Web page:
He's not exactly been quiet, performing with drummer Paul Motian
's trio on Lost in a Dream
(ECM, 2010), and continuing his ongoing relationship with Dave Holland
, recently heard on tour with the bassist's flagship quintet at the 2011 Montreal Jazz Festival
, but it's been two years since Chris Potter released Ultrahang
(ArtistShare, 2009), his last date as a leader. Transatlantic
ends Potter's recording hiatus, teaming the influential saxophonist with Denmark's DR Big Band for a brass-heavy set more orchestral in its approach than, say, Holland's groove-heavy big band.
That's not to say Potter's years with Holland haven't rubbed off on his approach to writing and arranging this new repertoire, but despite Transatlantic
's closer alignment to the big band tradition than the intimate chamber jazz of the saxophonist's Song for Anyone
(Sunnyside, 2007), it shares a similar penchant for color that's equal parts Maria Schneider
and Kenny Wheeler
. Still, this is
propulsive music, the closing 11-minute "Rumination" revolving around a gently pulse from Søren Frost that opens into tumultuous but still groove-conscious free play from the drummer when Potter takes a muscular tenor solo that's boosted by the fourteen trumpets, trombones and reeds which punctuate in alternation, before a mid-section rest that leads to a burnished solo from trombonist Steen Hansen.
There are trace elements of Potter's electro-centricities on the knottily contrapuntal "The Steppes," with guitarist Per Gade flying from lithe, bop-centric lines to moments of harsher sonics and searing flights of overdriven abandon, but this is, for the most part, a brash and brassy acoustic big band date, driven by a solid rhythm section that, in addition to Frost, is unfailingly anchored by bassist Kaspar Vadsholt. Pianist Magnus Hjort is quietly impressive, going beyond the charts to provide spare but effective support during passages where the horns are silent and Potter is soloing over the core quintet as he does after Gade on "The Steppes," over a visceral 9/8 pulse driven by Frost's firm backbeat.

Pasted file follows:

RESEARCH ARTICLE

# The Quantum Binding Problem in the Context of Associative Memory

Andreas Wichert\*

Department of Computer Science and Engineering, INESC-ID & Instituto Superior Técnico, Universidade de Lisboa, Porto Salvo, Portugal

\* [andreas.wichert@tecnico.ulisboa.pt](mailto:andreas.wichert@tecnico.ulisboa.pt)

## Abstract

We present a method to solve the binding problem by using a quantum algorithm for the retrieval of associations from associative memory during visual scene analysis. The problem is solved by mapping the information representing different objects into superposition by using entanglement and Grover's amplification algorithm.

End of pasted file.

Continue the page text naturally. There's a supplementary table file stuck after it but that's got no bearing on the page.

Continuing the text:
It may be a challenge for some to maintain the kind of energy and inventiveness Potter does throughout Transatlantic
as featured soloist, but his years with Holland and as an emergent leader have proven him one of his generation's few players capable of sustaining himself over longer forms. Unlike most big band projects, Potter eschews passing solos around the entire ensemble like batons in a relay, instead provide focused and lengthy features for four of its membersin addition to Gade and Hansen, Frost taking an ostinato-driven solo of tremendous drive and construction on "Abyssinia," while on the structurally complex "New Year's Day," trumpeter Mads la Cour serves as yet another potent reminder of the kind of talent hiding in so many corners around the world, just waiting to be heard. Transatlantic
may wax heavy on the solo front, but it's always in service of Potter's detailed charts, which demonstrate continued growth as a writer/arranger. He may largely work in small group contexts, but Transatlantic
proves Potter's increasing mettle as a leader in any
context, as compelling for its long-form charts as it is its ever-perfect capacity to inspire expansive but always completely relevant improvisation.